Believe in human rights? Change who gets locked up at home

Human rights begin "close to home," Eleanor Roosevelt, a drafter of the Universal Declaration of Human Rights, once wrote. And unless they have meaning there, "they have little meaning anywhere."

Many members of Congress do not seem to heed Roosevelt's words. Their rhetorical commitment to human rights worldwide doesn't necessarily translate into action between our shores.

Take a look at our federal prisons. The United States is imprisoning people who shouldn't be locked up in the first place. The U.S. government has many tools available to regulate behavior it wishes to discourage, yet deprivation of liberty is too often the measure of first response.

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For example, the federal government has decided to prosecute and imprison more and more unauthorized immigrants by charging them with illegal entry or re-entry. Even one instance of unduly prolonged or unnecessary time in federal prison is too many, but illegal entry and re-entry are now the most prosecuted federal crimes, making up 50 percent of all federal criminal cases. Nearly half of all the growth in federal offenders sentenced during the 20 years between 1992 and 2012 is due to increased illegal reentry convictions.

Here’s who's getting scooped up and put in federal prison for illegal entry or re-entry: Rosa Emma Manriquez, a grandmother in her 60s who had lived in the United States for 40 years without incident, and who left and tried to re-enter the United States without authorization to be with her family (six adult children and numerous grandchildren, who are all U.S. citizens or lawful permanent residents).

Same with Gabriela Cordova-Soto, deported for a minor drug charge despite her permanent resident status, who was trying to return to her four U.S.-born children, and who herself was brought to the United States when she was 9 months old. Both served time in federal prisons.

The U.S. government also has decided to detain an arbitrary number of people in immigration detention facilities, through a quota of detention beds — an average of 34,000 per night — that it must fill, regardless of need.

Congress's decisions to both set bed quotas and force federal prison time on enormous numbers of immigrants run roughshod over any concern to protect people from needless, disproportionate and arbitrary deprivations of liberty.

The United States is also well down a path of incarcerating vast numbers of people for drug-related crimes — half of all federal prisoners today. By setting long mandatory minimums for drug crimes, the government has been filling prisons at an exponential rate — long sentences being "the single greatest contributor" to the recent growth in the federal prison population.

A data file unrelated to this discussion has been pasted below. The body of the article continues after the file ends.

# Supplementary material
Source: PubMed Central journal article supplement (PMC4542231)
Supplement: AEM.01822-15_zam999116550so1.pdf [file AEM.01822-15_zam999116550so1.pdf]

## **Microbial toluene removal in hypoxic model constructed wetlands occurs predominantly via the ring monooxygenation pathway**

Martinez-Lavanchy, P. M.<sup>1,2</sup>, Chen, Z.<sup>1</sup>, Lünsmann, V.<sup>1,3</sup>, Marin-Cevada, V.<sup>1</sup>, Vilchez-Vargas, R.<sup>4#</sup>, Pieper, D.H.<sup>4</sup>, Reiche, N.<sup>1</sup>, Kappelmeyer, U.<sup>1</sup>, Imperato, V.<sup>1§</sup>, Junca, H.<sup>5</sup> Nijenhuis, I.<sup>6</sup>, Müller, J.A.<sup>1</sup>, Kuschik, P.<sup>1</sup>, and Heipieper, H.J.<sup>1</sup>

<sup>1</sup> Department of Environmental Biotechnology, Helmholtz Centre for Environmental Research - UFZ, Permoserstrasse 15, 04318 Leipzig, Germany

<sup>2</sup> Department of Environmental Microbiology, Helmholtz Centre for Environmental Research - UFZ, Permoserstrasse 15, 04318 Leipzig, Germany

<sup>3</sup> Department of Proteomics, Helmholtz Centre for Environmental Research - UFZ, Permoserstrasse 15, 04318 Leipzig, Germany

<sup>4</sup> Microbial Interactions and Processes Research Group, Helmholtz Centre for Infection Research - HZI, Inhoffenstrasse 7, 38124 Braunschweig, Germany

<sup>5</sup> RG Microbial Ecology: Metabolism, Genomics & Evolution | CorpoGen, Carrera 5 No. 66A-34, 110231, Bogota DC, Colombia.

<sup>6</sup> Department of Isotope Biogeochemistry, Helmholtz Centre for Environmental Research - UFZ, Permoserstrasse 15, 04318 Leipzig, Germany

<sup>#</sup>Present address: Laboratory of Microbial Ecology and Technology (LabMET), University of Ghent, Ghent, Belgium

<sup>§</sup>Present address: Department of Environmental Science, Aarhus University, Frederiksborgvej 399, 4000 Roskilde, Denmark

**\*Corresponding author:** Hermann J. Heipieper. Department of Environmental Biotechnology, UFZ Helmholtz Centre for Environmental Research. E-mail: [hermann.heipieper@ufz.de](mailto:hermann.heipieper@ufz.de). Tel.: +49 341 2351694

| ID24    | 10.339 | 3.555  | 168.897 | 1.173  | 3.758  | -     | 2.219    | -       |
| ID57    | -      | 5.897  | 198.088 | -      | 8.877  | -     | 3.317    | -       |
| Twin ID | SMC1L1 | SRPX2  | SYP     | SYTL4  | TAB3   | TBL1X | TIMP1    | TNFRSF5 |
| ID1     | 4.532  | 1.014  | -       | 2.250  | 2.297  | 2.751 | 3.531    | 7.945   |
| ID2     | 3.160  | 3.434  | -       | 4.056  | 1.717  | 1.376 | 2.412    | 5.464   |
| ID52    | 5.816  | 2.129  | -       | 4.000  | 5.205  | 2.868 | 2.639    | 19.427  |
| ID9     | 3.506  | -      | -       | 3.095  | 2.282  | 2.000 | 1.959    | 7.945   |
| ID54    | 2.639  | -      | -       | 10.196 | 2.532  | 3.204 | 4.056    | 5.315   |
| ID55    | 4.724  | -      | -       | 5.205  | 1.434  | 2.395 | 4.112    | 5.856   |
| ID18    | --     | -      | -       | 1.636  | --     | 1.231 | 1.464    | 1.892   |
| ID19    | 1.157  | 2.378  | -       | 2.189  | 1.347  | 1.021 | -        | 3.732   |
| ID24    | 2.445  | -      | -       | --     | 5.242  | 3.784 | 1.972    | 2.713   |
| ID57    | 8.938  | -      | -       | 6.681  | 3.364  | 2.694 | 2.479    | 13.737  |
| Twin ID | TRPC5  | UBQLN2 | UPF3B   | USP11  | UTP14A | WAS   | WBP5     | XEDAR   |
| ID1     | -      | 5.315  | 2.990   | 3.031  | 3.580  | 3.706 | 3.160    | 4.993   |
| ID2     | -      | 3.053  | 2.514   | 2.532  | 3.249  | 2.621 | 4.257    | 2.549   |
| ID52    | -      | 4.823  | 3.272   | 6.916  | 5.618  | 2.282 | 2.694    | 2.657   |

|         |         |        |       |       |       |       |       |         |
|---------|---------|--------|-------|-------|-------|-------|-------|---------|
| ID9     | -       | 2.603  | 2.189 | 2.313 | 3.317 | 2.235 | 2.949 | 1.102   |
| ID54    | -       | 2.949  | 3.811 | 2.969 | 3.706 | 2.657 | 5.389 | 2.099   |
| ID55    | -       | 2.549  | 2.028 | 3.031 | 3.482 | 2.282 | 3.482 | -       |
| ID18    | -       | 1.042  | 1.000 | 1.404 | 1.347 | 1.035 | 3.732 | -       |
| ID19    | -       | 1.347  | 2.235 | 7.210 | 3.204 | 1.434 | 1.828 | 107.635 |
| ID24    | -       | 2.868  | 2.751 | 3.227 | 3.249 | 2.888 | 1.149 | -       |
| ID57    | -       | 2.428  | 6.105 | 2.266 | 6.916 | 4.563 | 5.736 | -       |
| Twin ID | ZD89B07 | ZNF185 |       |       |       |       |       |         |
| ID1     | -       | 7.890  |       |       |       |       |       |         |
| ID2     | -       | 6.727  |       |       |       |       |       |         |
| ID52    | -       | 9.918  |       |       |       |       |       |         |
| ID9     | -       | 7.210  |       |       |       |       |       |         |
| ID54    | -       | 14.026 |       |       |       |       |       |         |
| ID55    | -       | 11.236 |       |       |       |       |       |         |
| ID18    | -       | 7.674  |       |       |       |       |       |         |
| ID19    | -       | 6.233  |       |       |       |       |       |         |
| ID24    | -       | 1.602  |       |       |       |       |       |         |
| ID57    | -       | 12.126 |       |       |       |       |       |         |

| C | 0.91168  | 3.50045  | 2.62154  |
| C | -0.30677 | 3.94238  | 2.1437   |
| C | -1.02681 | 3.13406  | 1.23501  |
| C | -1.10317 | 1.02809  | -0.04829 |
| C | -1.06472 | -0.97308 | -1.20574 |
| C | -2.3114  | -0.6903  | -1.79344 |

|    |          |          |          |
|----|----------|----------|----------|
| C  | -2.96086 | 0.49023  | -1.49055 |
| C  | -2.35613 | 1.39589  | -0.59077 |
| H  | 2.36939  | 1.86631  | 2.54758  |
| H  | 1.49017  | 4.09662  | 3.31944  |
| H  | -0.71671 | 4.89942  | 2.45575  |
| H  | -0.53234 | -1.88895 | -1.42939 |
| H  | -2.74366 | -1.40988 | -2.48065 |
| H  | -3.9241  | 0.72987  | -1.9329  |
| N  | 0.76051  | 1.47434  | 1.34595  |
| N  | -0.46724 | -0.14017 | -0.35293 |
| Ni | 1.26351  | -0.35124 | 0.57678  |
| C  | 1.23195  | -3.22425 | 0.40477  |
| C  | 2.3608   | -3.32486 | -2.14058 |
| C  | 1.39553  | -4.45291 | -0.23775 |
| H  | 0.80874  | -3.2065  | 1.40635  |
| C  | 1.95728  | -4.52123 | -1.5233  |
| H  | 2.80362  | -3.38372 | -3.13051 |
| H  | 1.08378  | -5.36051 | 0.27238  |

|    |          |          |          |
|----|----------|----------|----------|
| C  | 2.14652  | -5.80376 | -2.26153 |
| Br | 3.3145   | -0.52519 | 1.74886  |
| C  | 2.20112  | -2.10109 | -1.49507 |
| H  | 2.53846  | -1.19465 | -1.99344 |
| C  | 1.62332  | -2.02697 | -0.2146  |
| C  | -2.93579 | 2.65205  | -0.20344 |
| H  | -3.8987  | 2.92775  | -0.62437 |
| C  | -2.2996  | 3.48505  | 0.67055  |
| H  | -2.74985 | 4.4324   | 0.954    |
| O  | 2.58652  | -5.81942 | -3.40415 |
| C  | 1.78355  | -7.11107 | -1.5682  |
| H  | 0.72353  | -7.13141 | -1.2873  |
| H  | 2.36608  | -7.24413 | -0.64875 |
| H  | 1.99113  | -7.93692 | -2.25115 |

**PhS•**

These long mandatory minimum sentences don't necessarily correlate with serious crimes: Trafficking 10 ounces of crack cocaine means you face a federal 10-year mandatory minimum sentence. These long mandatory sentences are disproportionate, keyed solely to drug weight and ignore the offender's culpability or role in the crime.

Again, here's who the United States has decided merits imprisonment: For possessing 50 grams (two ounces) of crack cocaine with intent to deliver, Sandra Avery, who served in the U.S. Army and the Reserves and is a college graduate, is sentenced to die in prison. For carrying a gun while selling marijuana, Weldon Angelos is serving a 55-year mandatory minimum and can't get out of prison until he's 80. For selling 13 sheets of LSD, Timothy Tyler has been sentenced to die in prison.

It's long past time for the United States to come to grips with whom it puts in prison. Some members of Congress agree — that's why they're co-sponsoring bills like the Smarter Sentencing Act, which cuts down some egregiously long mandatory minimums and also give judges more flexibility in sentencing under those minimums.

And some in Congress have realized that the United States can't imprison its way out of a broken immigration system, so they've supported (and the Senate has passed) thoughtful immigration reform that should help to reduce the number of people imprisoned for illegally entering the country.

What's common between these two efforts is that neither has passed Congress and reached the president's desk. Right about now, members of Congress who have bucked these smart reforms should take heed of Roosevelt's words: without respecting human rights at home, the United States shall "look in vain for progress in the larger world."

Human rights begin at home. But they do not end there — they are universal. Anywhere in the world where people are being put in prison for wrong reasons, or kept in prison for far longer than necessary, human rights are at stake. To fully embrace human rights, Congress should take a close look at its prisons, and who's in them.

Ginatta is the advocacy director for the U.S. Program at Human Rights Watch.